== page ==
★ / ★★★★
Points for “Serenity,” written and directed by Steven Knight, for trying to rise above a standard thriller involving a boat, an abused wife, and a murder plot. There is a massive but elusive fish, a mysterious businessman who sticks out like a sore thumb, a combat veteran who is estranged from his son, a lone bar on an island where everyone appears to get information, and acknowledgements of rules being changed suddenly. There are psychic connections and a bird that follows the boat around. At one point, even our protagonist declares that there are strange goings-on. It is all very aware and ambitious, but these disparate elements never come together in a way that makes us feel as though it is worth the time and effort we invest in attempting to put the pieces together.
The problem lies in the screenplay. It relies on one big twist that is revealed about halfway through and smaller twists dispersed throughout the remainder of the story. After the game-changing revelation, it forges on telling the story it initially presented, but this is an incorrect decision, you see, because the more interesting angle is the one not being explored. Once we know what is really going on, the initial story, and whatever happens in it, feels so inconsequential. If I sound like I am being vague on purpose, that is because I am. Pulling out the rug from under us is quite neat, and to spoil it would reduce the film into pointlessness.
This leads us to the second major problem. Brilliant twists do not make a movie, not even in superior films like “The Sixth Sense,” “The Crying Game,” “The Usual Suspects,” “Se7en,” and even “Sleepaway Camp.” In these aforementioned movies, take away the respective reveals and the picture is still able to stand strong on its own. In Knight’s work, however, the pieces are not only amorphous and nonsensical, there is no convincing emotional arc. The main character, Baker Dill (Matthew McConaughey), a father who chases a fish so obsessively because he has not seen his son in years, undergoes numerous suffering—psychological, financial, physical—but we are not compelled to learn more about him, his lifestyle, and those around him.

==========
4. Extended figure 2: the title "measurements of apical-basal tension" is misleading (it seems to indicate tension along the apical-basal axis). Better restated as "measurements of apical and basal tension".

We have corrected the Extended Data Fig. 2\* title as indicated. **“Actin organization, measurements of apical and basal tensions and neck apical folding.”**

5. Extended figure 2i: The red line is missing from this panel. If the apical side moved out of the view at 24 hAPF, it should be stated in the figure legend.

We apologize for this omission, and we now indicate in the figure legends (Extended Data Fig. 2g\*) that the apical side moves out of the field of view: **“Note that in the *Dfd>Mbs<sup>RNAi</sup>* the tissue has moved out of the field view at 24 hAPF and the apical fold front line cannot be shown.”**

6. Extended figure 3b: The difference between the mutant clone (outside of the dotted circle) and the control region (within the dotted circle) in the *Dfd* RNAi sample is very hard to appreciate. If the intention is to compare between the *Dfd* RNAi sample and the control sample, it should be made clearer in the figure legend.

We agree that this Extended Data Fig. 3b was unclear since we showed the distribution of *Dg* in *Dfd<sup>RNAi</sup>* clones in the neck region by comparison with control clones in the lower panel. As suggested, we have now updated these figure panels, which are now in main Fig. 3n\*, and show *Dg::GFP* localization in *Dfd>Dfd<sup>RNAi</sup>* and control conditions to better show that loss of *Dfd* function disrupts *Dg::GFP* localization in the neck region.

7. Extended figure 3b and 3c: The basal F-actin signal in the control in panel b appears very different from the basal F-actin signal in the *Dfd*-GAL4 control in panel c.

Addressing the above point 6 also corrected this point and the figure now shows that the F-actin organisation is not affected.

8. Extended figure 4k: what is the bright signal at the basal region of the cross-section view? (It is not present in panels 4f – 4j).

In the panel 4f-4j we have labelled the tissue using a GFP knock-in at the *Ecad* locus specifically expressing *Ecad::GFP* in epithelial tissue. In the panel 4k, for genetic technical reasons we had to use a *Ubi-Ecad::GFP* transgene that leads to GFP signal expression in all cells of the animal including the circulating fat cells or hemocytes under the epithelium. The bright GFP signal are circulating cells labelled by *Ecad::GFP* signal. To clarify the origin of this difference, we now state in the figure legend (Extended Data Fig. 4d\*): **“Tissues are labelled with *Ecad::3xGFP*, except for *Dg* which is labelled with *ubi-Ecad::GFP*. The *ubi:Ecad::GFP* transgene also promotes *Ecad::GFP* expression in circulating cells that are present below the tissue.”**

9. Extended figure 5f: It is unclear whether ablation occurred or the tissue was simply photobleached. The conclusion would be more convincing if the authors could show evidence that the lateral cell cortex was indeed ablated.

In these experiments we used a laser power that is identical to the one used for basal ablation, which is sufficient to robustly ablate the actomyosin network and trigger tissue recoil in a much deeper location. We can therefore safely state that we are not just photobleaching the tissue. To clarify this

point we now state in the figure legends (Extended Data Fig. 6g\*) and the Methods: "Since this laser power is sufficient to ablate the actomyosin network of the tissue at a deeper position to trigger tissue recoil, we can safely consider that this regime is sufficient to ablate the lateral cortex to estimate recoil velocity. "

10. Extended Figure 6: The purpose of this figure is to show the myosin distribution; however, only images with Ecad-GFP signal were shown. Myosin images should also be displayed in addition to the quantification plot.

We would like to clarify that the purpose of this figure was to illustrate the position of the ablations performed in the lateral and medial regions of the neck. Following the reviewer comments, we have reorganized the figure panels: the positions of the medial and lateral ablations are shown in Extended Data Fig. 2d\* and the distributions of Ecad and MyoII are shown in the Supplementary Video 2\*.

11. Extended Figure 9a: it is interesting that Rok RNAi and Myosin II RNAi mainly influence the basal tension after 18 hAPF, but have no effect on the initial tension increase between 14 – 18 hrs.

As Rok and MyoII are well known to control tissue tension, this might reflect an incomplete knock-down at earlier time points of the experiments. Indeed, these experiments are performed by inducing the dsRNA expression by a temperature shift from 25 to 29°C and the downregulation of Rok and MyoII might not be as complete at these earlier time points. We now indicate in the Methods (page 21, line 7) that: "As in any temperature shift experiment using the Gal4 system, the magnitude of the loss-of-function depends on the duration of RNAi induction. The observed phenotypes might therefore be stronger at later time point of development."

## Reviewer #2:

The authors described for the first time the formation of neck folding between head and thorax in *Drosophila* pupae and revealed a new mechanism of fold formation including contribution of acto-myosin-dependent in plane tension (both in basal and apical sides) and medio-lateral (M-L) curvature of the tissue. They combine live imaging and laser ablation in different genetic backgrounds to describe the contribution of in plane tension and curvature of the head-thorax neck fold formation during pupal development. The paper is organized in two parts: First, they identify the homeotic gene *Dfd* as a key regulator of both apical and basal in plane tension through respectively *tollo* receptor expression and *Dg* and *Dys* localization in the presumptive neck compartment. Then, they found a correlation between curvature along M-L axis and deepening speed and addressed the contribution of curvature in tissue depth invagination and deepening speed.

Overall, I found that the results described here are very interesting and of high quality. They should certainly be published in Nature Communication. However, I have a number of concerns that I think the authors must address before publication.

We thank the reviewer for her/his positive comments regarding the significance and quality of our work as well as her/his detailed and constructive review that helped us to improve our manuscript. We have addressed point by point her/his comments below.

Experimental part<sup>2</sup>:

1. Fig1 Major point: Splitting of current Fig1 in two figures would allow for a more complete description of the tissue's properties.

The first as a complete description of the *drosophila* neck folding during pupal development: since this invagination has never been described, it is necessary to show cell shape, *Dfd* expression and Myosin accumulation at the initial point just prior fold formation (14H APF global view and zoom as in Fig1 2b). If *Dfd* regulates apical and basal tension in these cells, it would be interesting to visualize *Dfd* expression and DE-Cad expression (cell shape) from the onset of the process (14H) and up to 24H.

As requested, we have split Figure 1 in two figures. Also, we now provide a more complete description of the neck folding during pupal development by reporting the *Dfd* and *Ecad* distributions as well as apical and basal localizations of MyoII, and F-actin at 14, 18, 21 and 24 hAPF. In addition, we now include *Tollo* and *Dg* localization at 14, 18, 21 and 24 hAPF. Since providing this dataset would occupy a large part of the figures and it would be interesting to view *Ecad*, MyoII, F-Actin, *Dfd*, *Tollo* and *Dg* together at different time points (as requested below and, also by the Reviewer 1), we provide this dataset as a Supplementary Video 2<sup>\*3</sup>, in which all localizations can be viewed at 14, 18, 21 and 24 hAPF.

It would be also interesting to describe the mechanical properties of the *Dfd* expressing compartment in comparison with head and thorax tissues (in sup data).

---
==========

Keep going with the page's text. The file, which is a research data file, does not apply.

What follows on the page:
The film is beautifully photographed, especially shots of the fishing boat leaving the harbor and when the camera looks into the deep water before fish is pulled out of it. There is also some excitement when there is silence and suddenly the clicking of the fishing reel builds up to a heart-racing staccato. This should have been a segue for the viewer to understand Baker Dill’s all-consuming quest of reeling in Justice, a large tuna. But these postcard-worthy shots are disconnected from the neo-noir thriller with moments of paranoia. It made me wish that I was at the beach instead of sitting inside the movie theater hoping for all the ideas to come together.
The performances are fine, nothing special. I must note, however, that those hoping to see McConaughey in various states of nakedness are likely to have a ball. For instance, we watch him jump off a cliff and swim in the ocean with nothing on. Perhaps, to some, that is a selling point. For me, though, Anne Hathaway who portrays an abused wife is the most watchable because she, as usual, milks every moment. As I walked out of the theater, it struck me that I don’t remember her character’s words, but I do remember how Karen holds her eyes when she is desperate, the way she moves her body when she is humiliated, the manner in which her lips quivers just so when freedom is at arm’s reach. Like the audience, the actors deserve stronger material.